Crucial Conversations QA

Life-Threatening Crucial Conversations

Dear Joseph,

I work at an electric utility company. I work with a group of team members who interact face-to-face with customers under very stressful conditions. When we see customers, we are either turning off their power or turning it back on. Recently, we’ve had issues with these customers turning violent: hitting, attempting to run our employees over with a vehicle, brandishing a gun, and in one case holding an employee hostage at gun point.

I am working to develop a course on dealing with conflict. I teach Crucial Conversations and Crucial Accountability and am wondering if there is something you recommend I focus on?


Dear Targeted,

I can’t think of a more crucial moment to prepare your people for.

We’ve recently been studying life-and-death situations where the only tool people have is their communication skills: hostage crises, armed confrontations, and other unspeakable situations. One of our key findings is that our natural tendencies are precisely wrong. Our tendencies are to freeze, flee, or fight. Now, in your situation, avoidance is the best option if it’s clear someone’s personal safety could be at risk. I’m certain you already teach that basic concept. If it appears the situation is safe, here are a few things that will help avoid escalation:

1. Start with Heart. How you see your customers will have more of an effect on how things go than any technique you employ. A colleague was sent to manage a mine in New Guinea. It was an open-pit mine that was raided constantly by illegal miners. When the company would blast out a new section, hundreds of people would run into the new excavation in hopes of finding a gold nugget. Many lives were lost when a second blast would erupt just as they descended into the pit—or when loose material would collapse on top of them. Our colleague said the most important step to progress was changing how the mining company saw the locals.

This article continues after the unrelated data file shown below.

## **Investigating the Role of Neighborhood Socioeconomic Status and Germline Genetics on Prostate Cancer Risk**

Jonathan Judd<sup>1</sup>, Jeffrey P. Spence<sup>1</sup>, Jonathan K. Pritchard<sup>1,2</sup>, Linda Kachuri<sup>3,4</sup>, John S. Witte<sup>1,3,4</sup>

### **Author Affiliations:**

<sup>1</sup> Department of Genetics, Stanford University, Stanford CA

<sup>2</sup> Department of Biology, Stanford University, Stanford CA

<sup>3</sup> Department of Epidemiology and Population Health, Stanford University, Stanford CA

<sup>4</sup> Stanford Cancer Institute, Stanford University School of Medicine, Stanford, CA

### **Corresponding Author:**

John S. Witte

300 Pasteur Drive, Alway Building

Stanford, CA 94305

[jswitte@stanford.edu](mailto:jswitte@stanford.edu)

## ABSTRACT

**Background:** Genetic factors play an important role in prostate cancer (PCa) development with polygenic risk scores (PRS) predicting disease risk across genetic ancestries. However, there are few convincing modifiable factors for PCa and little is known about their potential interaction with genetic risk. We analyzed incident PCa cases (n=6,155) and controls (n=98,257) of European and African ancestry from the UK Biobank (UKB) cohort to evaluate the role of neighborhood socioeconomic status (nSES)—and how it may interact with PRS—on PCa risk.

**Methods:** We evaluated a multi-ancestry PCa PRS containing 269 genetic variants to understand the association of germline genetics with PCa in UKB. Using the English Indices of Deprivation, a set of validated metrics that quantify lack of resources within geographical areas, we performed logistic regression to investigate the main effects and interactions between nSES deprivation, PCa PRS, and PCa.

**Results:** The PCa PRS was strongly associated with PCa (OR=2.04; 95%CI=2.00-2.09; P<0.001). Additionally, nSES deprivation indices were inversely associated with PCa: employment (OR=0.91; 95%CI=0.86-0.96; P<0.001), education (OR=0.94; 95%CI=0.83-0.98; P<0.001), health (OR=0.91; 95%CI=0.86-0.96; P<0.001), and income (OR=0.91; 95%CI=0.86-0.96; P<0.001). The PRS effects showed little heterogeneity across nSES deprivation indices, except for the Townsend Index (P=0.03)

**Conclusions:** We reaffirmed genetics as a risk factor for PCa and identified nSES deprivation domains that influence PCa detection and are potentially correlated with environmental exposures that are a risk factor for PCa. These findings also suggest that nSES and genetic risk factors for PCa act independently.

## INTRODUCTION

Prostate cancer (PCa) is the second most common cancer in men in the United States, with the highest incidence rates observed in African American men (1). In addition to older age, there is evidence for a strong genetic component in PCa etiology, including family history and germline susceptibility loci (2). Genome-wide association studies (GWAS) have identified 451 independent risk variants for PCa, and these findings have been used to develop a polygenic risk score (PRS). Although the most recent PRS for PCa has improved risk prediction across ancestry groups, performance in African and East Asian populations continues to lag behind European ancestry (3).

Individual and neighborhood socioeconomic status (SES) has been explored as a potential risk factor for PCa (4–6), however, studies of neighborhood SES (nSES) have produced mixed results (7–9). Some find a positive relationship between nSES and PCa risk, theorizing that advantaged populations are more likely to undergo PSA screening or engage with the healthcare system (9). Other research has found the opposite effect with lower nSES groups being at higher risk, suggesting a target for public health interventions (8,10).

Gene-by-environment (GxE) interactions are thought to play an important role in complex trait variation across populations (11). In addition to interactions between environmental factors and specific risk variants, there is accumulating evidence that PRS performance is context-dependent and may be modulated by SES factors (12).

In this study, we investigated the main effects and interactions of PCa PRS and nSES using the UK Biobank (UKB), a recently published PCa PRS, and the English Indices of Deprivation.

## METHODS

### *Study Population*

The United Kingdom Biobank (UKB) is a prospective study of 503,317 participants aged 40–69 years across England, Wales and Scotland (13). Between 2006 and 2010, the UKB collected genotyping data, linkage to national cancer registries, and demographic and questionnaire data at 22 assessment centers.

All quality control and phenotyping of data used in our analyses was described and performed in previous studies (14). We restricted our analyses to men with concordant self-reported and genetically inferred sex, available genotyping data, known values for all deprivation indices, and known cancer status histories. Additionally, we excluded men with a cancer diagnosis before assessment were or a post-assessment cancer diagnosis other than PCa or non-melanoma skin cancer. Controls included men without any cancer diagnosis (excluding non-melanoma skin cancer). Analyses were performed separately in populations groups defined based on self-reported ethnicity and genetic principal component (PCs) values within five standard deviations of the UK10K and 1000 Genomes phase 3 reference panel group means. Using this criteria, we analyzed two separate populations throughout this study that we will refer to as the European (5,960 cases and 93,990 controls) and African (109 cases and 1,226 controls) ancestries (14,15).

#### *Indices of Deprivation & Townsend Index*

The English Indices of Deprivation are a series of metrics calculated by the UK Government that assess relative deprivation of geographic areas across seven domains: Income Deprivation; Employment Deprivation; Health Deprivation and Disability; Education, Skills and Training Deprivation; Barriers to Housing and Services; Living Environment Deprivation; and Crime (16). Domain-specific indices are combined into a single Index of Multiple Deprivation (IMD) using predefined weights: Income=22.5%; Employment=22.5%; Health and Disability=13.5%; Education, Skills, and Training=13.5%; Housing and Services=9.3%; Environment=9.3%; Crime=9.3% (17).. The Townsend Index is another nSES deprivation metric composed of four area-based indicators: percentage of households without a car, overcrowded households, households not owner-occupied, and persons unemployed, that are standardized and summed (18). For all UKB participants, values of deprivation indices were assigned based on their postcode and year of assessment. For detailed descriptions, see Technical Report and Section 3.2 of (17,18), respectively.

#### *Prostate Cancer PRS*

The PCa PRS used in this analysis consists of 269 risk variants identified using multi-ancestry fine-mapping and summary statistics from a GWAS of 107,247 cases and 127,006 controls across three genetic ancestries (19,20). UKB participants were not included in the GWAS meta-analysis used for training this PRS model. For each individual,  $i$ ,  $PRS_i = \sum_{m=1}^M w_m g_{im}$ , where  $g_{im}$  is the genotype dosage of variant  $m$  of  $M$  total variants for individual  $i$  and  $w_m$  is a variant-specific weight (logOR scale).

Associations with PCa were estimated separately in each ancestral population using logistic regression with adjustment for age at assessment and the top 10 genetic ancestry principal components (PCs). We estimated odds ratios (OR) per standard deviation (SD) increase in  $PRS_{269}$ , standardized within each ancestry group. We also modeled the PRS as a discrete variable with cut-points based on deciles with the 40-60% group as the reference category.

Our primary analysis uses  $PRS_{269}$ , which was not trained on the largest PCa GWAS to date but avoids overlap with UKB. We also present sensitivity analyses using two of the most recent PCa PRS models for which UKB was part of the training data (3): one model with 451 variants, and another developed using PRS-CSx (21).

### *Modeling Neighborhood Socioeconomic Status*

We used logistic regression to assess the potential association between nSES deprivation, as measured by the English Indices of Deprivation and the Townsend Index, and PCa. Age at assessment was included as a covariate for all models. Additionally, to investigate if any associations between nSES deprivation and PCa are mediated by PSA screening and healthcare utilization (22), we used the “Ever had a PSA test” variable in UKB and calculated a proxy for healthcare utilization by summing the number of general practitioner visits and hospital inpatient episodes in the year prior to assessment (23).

At first they defined it as a legal problem—seeing the illegal miners as thieves or “the enemy.” The breakthrough came when they began to see it not as a legal but a humanitarian problem. Those being killed and injured were often far from home, destitute, homeless, and had no food or money. The motive changed from “how do we stop them?” to “how do we help them?” Anything you can do to help your team sympathize with those you are encountering will set them up to handle confrontations more effectively.

2. Create Safety. Confrontations happen when others see you as the enemy. Your goal from the first contact must be to generate evidence to the contrary. In fact, you should train your team to craft the first sixty seconds of their contact with customers to powerfully create this evidence. Here are the principles for doing so:

Express sympathy. Validate the pain and inconvenience your customers are going through.

Present a confident but non-aggressive posture.
Don’t throw back shoulders, clench fists, stare, or in other ways appear aggressive. Your people might unintentionally assume this body language if they feel threatened. They must calm themselves and “Start with Heart” as above—or their bodies will give away their attitudes. Stand tall, but relaxed. Make kind eye contact.

State the facts—matter-of-factly.
State what you are there to do, the authority that requires you do it, and why it is being done. Remove any judgmental or “hot” words from this description. For example, replace, “You have failed to make payments . . . ” with, “We have not received payment . . . ”

Offer hope and tools.
Demonstrate your concern for customers’ needs by referring to two or three resources they can use to help solve the problem. For example, you could have a card printed with government or non-profit programs that can help with utilities payments or appeals. Even just the gesture of handing a helpful card demonstrates you are giving, not just taking. Giving elicits reciprocity.

Ask permission.
When people feel in control they feel safe. While you are not asking people for permission to do your job, you can ask for their cooperation. Ask for them to “opt-in” in some appropriate way to what you are about to do. For example, if your team member is concerned about interference, they may ask, “Will you allow me to proceed without interfering?” If they decline, you can politely inform them of the natural consequences: “I understand. If you will interfere, our team will return at a later time with a security detail. Again, I am sorry for the inconvenience this is causing you.”

I wish you the best as you do your duty in as compassionate and safe a way as possible.